Visitors tour the new Beanblossom Bottoms boardwalk. Photo by Abby Henkel/Sycamore Land Trust


After being closed for nearly a year, Beanblossom Bottoms Nature Preserve reopened in May. “People waited very patiently for the preserve to reopen, and it was worth it,” says Abby Henkel, communications director for Sycamore Land Trust. “There are so many magical things about that place. You feel like you’re in another time and place out there.”

The closure was spent repairing and replacing the wooden boardwalk that allows visitors to traverse the marshy, swampy portions of the preserve. According to Henkel, the original wooden walkway had begun to deteriorate in several places due to the damp environment. Owned by Sycamore Land Trust, the preserve is home to native wetlands, a natural habitat that is disappearing rapidly. 

In June, shortly after the work was complete, a tornado swept through the preserve. Dozens of large trees fell along the trail, and parts of the boardwalk were damaged. Henkel says small crews with chainsaws have been cleaning up the fallen trees and replacing broken and bent pieces of boardwalk. She anticipates the repairs will take several months, and more than $20,000, to complete.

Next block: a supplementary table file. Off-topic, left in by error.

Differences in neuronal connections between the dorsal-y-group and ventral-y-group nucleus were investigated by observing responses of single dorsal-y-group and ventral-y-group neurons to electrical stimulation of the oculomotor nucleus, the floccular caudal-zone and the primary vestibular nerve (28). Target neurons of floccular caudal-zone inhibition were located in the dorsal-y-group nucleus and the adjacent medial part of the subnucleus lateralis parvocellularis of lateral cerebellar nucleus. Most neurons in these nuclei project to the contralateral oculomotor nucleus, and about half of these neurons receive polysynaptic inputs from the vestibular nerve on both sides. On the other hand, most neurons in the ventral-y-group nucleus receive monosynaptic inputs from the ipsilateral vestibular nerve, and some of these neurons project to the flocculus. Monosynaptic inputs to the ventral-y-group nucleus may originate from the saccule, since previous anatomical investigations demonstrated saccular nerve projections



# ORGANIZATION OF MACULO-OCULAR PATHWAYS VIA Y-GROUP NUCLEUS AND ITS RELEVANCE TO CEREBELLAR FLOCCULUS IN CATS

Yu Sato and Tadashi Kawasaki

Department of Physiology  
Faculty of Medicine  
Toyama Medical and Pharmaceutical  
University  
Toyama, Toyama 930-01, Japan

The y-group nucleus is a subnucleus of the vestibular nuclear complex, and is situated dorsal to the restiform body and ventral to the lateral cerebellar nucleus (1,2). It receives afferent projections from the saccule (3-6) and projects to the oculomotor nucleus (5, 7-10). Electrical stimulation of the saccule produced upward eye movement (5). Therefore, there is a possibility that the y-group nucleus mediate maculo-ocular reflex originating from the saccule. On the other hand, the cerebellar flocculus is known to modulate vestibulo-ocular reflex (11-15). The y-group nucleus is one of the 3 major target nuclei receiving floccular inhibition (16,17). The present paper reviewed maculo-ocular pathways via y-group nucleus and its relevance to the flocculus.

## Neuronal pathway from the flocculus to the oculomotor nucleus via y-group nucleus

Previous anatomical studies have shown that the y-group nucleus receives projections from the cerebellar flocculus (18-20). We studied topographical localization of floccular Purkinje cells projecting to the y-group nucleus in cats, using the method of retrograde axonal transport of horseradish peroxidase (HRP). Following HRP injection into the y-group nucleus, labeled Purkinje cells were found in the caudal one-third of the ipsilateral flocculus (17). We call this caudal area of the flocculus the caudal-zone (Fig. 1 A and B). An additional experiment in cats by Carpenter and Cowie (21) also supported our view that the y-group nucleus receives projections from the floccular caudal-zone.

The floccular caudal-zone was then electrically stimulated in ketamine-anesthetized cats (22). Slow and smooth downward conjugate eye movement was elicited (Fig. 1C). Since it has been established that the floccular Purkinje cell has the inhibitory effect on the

The preserve was created with a 42-acre parcel of land in 1993, the first ever acquired by Sycamore Land Trust, and is now 733 acres. It is part of 1,500 acres in what is now called the Beanblossom Creek Bicentennial Conservation Area. 

The preserve has three observation decks, half a dozen educational signs, and an American bald eagle nest. Henkel says the portion of the trail not impacted by the tornado is still open, and visitors are welcome as long as they respect the caution tape and do not cross it.

A $250,000 grant from the Nina Mason Pulliam Charitable Trust helped fund the project, which cost more than $300,000 to complete. 

“It’s important for people to know that nature is so integral to our lives,” Henkel says. “We believe that people will preserve nature when they have access to it.”

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